Top 10 similar words or synonyms for patois

swahili    0.707378

lingala    0.707316

wolof    0.706236

creole    0.699613

kriol    0.694386

singlish    0.690237

sociolect    0.687026

papiamento    0.686793

luganda    0.686758

kikongo    0.684234

Top 30 analogous words or synonyms for patois

Article Example
Patois In France and other Francophone countries, "patois" has been used to describe non-standard French and regional languages such as Picard, Occitan, and Franco-Provençal, since 1643, and Catalan after 1700, when the king Louis XIV banned its use. The word assumes the view of such languages being backward, countrified, and unlettered, thus is considered by speakers of those languages as offensive when used by outsiders. Jean Jaurès said “one names "patois" the language of a defeated nation”. However, speakers may use the term in a non-derogatory sense to refer familiarly to their own language (see also languages of France).
Patois Often these patois are popularly considered ‘broken English’, or slang, but cases such as Jamaican Patois are classified with more correctness as a creole language; in fact, in the Francophone Caribbean the analogous term for local variants of French is "créole" (see also Jamaican English and Jamaican Creole). The French patois of the Lesser Antilles are dialects of French which contain some Caribe and African words. Such dialects often contain folk-etymological derivatives of French words, for example "lavier" (“river, stream”) which is a syncopated variant of the standard French phrase "la rivière" (“the river”) but has been identified by folk etymology with "laver", “to wash”; therefore "lavier" is interpreted to mean “a place to wash” (since such streams are often used for washing laundry).
Patois Other examples of patois include Trasianka, Sheng, and Tsotsitaal.
Patois Macanese Patois is also known as "Patuá", and was originally spoken by the Macanese community of the Portuguese colony of Macau.
Patois Patois ( ) is speech or language that is considered nonstandard, although the term is not formally defined in linguistics. As such, "patois" can refer to pidgins, creoles, dialects, or vernaculars, but not commonly to jargon or slang, which are vocabulary-based forms of cant.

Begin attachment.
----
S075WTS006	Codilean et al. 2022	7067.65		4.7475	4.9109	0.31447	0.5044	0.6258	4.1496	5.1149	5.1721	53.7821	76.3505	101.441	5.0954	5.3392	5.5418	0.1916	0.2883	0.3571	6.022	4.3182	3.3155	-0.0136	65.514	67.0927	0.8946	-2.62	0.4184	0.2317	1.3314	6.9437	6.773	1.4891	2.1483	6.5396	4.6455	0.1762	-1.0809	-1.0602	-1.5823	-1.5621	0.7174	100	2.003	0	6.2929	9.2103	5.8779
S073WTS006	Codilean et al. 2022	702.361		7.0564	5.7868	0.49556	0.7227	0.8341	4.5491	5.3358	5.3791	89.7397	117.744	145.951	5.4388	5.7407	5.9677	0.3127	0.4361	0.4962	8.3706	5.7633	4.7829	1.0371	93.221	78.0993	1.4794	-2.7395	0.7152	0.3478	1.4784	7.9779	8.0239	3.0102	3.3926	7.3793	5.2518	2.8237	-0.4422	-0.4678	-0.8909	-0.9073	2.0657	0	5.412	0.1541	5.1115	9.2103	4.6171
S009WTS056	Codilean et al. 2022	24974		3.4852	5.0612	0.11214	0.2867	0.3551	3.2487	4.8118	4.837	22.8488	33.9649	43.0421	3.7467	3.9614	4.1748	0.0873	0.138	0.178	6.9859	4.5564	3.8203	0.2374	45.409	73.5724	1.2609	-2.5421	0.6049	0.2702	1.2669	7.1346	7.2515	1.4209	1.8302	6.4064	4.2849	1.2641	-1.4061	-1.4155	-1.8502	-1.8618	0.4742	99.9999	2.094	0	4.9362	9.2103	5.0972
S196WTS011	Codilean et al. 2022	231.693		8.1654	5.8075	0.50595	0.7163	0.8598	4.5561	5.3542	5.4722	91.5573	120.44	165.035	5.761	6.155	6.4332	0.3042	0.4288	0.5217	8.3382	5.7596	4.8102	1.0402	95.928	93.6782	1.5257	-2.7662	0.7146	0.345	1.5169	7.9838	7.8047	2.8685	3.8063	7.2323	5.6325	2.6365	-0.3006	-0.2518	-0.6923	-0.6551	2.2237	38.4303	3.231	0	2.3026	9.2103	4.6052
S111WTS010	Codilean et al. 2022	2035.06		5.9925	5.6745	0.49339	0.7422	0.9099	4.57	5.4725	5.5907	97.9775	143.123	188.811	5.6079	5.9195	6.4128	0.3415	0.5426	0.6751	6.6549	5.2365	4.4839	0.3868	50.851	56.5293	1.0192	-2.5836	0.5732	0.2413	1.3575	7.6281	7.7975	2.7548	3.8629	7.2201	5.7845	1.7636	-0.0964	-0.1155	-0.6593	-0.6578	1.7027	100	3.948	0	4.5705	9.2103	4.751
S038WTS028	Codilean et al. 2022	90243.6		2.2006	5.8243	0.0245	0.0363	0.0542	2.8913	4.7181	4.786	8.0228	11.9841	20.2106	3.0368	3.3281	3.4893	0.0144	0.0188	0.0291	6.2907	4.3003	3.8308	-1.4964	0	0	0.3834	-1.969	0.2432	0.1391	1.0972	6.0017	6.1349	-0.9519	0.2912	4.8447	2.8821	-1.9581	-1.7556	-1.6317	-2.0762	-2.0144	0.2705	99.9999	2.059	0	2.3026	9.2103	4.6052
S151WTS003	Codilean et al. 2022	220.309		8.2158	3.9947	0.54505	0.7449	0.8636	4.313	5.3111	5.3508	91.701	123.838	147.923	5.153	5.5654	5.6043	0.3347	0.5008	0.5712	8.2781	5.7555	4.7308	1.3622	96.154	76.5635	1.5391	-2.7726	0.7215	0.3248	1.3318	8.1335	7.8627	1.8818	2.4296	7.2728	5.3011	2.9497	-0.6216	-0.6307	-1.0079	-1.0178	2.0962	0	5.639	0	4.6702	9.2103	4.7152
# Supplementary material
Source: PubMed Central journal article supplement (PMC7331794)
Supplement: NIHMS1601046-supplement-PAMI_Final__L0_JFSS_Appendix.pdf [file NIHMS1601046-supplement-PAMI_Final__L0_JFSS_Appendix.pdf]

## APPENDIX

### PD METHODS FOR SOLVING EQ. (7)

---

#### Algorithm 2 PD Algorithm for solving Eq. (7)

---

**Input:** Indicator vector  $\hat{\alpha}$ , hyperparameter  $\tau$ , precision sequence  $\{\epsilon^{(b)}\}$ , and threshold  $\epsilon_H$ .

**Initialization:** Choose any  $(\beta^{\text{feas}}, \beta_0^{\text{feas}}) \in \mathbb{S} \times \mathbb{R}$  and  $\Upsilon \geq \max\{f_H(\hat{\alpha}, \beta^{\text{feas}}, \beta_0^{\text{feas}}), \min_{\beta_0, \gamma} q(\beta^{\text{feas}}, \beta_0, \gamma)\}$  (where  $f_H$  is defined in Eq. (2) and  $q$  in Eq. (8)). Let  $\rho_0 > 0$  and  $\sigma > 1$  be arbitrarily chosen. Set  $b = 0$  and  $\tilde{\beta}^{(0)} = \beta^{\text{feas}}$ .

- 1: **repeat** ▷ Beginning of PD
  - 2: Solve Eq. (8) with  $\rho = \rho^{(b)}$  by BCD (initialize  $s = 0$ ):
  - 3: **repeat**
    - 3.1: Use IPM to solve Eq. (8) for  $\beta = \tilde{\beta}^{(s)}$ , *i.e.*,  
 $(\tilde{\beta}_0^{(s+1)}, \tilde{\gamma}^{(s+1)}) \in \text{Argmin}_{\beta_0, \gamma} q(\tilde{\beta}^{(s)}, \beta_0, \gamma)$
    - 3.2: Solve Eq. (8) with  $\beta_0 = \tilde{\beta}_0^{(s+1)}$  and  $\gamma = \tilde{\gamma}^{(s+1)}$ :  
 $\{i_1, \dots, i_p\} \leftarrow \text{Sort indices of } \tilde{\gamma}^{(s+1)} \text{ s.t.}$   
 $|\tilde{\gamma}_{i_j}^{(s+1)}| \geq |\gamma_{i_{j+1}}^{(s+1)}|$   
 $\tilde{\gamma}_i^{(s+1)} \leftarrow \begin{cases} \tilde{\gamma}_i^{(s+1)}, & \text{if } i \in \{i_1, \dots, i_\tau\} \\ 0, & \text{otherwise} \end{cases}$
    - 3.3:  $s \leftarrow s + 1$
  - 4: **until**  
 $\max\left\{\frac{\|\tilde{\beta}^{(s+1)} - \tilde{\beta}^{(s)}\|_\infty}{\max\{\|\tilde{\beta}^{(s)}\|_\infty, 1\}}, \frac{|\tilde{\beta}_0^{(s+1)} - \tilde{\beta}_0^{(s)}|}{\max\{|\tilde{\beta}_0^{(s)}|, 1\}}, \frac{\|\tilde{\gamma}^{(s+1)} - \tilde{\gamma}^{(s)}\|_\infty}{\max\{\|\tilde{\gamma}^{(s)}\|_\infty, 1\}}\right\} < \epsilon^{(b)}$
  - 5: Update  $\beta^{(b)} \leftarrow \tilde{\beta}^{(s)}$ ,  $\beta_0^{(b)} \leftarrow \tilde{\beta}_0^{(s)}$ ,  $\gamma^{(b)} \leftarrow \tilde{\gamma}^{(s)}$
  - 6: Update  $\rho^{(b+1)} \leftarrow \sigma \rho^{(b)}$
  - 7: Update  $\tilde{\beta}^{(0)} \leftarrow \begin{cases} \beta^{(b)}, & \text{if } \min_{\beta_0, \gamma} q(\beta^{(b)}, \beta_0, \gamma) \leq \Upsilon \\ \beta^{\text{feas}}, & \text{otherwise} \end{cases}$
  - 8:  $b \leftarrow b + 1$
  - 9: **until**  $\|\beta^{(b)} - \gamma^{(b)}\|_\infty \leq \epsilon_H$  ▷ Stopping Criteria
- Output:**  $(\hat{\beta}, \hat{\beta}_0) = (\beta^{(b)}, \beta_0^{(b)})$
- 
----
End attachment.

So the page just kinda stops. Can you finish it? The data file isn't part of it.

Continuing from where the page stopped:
Patois Many of the vernacular forms of English spoken in the Caribbean are also referred to as "patois". It is noted especially in reference to Jamaican Patois from 1934. Jamaican Patois language comprises words of the native languages of the many ethnic and cultural groups within the Caribbean including Spanish, Portuguese, Chinese, Amerindian, and English along with several African languages. Some islands have creole dialects influenced by their linguistic diversity; French, Spanish, Arabic, Hebrew, German, Dutch, Italian, Chinese, Vietnamese, and others. Patois are also spoken in Costa Rica and Caribbean islands such as Trinidad and Tobago, Barbados and Guyana in South America.
Patois Patois has also been spoken for some Uruguay citizens, generally immigrants located in the south of Uruguay, mainly arriving from Italy and France, coming from the Piedmont
Patois Dominican, Grenadian, St. Lucian, Trinidadian and Venezuelan speakers of Antillean Creole call the language "patois". Patois is spoken fluently in Jamaica, Dominica, Saint Lucia and Belize in the Caribbean. Also named ‘"Patuá"’ in the Paria Peninsula of Venezuela, and spoken since the eighteenth century by self-colonization of French people (from Corsica) and Caribbean people (from Martinique, Saint Thomas, Trinidad, Guadeloupe, Puerto Rico, Dominican Republic) who moved for cacao production.
Patois Class distinctions are implied in the term, as patois in French refers to a sociolect associated with uneducated rural classes and is contrasted with the dominant prestige language as used in literature and formal settings (the ‘acrolect’).
Patois The term "patois" comes from Old French, "patois" “local or regional dialect” (earlier “rough, clumsy, or uncultivated speech”), possibly from the verb "patoier", “to treat roughly”, from "pate" “paw”, from Old Low Franconian *"patta" paw, “sole of the foot” + "-ois", a pejorative suffix. The language sense may have arisen from the notion of a clumsy or rough manner of speaking.